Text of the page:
President Joe Biden last week previewed his sweeping $1.9 trillion stimulus package aimed at combating the coronavirus pandemic and the economic devastation left in its wake, but there’s no guarantee that the plan can pass Congress with every provision Biden is pushing for.
To be able to gather the bipartisan support he says he wants to pass the ambitious spending package, Biden will need to sell Republicans on provisions they are sure to oppose, especially another $350 billion in state and local aid and a $15 national minimum wage.
Sen. Mitt Romney (R-Utah), while not the first Republican in Congress to express reservations about Biden’s plan, told Bloomberg Wednesday that given the $900 billion relief package signed into law by President Trump just after Christmas, he’s “not looking for a new program in the immediate future.”
Biden may also face delays caused by a Senate impeachment trial of former President Trump if that chamber is not able to split its time between the proceedings and other legislative business.
Punchbowl News’ Jake Sherman reported Wednesday that House Democrats don’t believe a comprehensive Covid-19 relief deal will be finalized until March.
In the meantime, Sherman reported, Democrats in the House are thinking about passing separate legislation next week that would allocate new money for vaccines and authorize another round of stimulus checks.
What To Watch For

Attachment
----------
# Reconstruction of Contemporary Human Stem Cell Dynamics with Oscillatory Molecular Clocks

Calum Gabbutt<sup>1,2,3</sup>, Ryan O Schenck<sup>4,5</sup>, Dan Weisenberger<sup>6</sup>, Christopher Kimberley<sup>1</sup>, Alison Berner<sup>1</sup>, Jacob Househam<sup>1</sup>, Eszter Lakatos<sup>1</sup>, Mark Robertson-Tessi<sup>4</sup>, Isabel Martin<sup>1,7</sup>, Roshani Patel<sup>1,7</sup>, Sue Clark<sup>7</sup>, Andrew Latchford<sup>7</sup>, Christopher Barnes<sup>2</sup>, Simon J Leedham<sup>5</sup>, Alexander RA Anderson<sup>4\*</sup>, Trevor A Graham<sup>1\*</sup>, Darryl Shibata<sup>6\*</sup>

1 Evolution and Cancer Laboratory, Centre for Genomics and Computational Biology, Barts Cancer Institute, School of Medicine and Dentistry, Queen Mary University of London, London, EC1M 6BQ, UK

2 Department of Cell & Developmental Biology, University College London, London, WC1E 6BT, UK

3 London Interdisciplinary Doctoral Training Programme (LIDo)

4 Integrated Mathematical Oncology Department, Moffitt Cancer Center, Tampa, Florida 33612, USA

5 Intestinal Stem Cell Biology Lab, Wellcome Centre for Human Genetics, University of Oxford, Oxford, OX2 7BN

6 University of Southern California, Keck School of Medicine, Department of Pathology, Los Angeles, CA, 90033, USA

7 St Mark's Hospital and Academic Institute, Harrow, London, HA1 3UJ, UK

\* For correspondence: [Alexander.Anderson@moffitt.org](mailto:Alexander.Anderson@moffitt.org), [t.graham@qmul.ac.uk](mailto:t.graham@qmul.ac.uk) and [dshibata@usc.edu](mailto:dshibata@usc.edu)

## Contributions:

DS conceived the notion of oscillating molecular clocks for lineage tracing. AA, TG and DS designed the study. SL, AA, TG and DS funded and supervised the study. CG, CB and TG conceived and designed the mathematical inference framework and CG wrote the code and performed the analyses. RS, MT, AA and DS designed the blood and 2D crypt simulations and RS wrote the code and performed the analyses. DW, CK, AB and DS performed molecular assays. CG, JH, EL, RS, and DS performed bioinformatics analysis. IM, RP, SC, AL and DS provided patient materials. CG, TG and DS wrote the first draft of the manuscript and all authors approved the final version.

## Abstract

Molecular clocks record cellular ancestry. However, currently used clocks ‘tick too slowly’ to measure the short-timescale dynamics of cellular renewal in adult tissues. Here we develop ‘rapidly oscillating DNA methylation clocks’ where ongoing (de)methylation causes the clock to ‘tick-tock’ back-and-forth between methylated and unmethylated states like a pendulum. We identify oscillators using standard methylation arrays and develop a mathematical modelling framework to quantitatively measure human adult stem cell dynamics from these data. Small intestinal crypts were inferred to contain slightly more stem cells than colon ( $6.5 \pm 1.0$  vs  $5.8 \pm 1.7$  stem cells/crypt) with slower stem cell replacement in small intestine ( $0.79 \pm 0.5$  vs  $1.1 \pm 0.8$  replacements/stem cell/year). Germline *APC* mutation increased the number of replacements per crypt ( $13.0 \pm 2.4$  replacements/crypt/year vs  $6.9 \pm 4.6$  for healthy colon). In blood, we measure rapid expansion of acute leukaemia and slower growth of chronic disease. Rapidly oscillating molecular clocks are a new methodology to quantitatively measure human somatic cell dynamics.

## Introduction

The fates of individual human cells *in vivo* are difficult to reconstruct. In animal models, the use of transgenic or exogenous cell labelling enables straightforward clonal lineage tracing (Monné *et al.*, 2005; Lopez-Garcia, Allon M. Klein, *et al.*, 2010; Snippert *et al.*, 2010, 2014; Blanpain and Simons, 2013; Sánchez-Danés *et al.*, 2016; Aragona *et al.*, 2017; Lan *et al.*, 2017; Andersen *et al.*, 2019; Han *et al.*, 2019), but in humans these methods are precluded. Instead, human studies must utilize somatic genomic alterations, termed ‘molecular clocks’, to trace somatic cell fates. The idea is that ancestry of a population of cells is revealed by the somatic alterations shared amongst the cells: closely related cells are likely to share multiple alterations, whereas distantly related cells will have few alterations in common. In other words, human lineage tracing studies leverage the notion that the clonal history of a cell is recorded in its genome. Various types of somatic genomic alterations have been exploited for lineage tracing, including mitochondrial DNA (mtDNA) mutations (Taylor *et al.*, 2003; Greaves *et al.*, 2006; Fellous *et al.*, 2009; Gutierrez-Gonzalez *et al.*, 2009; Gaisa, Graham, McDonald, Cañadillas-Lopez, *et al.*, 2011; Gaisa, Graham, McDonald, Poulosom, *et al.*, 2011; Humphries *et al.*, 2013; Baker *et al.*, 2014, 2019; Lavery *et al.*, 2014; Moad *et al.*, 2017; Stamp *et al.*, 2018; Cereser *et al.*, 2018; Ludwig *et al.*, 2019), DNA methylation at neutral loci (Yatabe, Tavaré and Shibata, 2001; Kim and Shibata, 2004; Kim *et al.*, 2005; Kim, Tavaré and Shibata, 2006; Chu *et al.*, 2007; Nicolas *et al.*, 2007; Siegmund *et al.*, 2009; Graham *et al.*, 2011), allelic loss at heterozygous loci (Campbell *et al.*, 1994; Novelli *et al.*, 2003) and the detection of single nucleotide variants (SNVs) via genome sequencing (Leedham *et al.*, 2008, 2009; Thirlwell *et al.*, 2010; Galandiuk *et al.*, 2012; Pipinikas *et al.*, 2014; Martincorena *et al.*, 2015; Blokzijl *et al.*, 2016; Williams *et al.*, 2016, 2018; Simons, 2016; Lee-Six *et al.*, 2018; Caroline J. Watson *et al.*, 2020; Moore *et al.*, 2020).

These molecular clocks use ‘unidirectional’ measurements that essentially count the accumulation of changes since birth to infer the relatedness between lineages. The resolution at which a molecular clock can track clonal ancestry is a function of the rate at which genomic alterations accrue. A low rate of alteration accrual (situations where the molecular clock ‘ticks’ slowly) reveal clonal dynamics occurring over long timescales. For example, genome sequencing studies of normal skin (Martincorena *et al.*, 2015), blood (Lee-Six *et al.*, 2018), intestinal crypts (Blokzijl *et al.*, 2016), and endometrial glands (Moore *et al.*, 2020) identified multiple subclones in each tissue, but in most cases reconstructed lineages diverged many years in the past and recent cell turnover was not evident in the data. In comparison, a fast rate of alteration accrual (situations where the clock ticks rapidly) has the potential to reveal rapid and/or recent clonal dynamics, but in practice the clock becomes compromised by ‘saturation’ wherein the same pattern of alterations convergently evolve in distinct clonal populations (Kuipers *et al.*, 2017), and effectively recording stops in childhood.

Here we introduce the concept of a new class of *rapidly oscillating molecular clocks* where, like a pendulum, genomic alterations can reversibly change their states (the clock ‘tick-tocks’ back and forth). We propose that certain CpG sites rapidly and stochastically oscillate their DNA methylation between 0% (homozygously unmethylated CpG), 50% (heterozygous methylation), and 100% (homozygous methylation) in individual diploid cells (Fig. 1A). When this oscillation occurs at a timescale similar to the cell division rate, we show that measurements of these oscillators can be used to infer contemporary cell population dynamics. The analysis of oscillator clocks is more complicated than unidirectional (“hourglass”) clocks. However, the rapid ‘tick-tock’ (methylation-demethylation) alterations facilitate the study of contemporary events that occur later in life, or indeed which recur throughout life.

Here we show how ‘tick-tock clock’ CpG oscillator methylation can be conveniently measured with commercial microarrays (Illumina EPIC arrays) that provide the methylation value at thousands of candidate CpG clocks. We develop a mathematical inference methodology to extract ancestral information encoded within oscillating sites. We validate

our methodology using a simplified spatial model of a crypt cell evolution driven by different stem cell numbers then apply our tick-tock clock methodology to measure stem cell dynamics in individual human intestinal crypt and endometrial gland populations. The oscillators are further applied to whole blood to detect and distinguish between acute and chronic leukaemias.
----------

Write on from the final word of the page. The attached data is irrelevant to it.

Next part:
Within hours of his swearing in, Biden plans to issue a spate of executive orders, among them plans to deliver immediate financial relief to tens of millions of Americans by extending through September a pause on federal student loan payments and reinstating a federal eviction moratorium.
$750 billion to $1.1 trillion. That’s the range analysts from investment giant Goldman Sachs expect the next round of federal stimulus legislation to be worth—in other words, at least $800 billion smaller than the plan Biden introduced last week. The analysts noted last week that they do not expect every part of Biden’s plan to pass and said they still see “considerable uncertainty” with regard to the final price tag.
Biden’s plan includes another round of direct payments and a further enhancement of federal unemployment insurance, as well as $400 billion for efforts to fight the virus and $130 billion to help schools reopen.
“It’s far from a foregone conclusion that these two bills can get passed looking anything like they will initially on paper,” Vital Knowledge founder Adam Crisafulli wrote last week, noting that conservative Democrats like Sen. Joe Manchin (D-W.Va.) could “force changes” given Democrats’ slim majority in the Senate. The particulars of which provisions can be passed under budget reconciliation rules by simple majority and which will need a normal vote with 60 senators signing on could also affect the contents of the final bill. Given Biden’s ambitious plans for trillions of dollars in infrastructure and green energy spending as part of the “Build Back Better” plan he plans to introduce next month, “fiscal stimulus in 2021 will be massive (perhaps even larger than it was in 2020),” Crisafulli wrote, “but investors probably should temper some of their expectations.”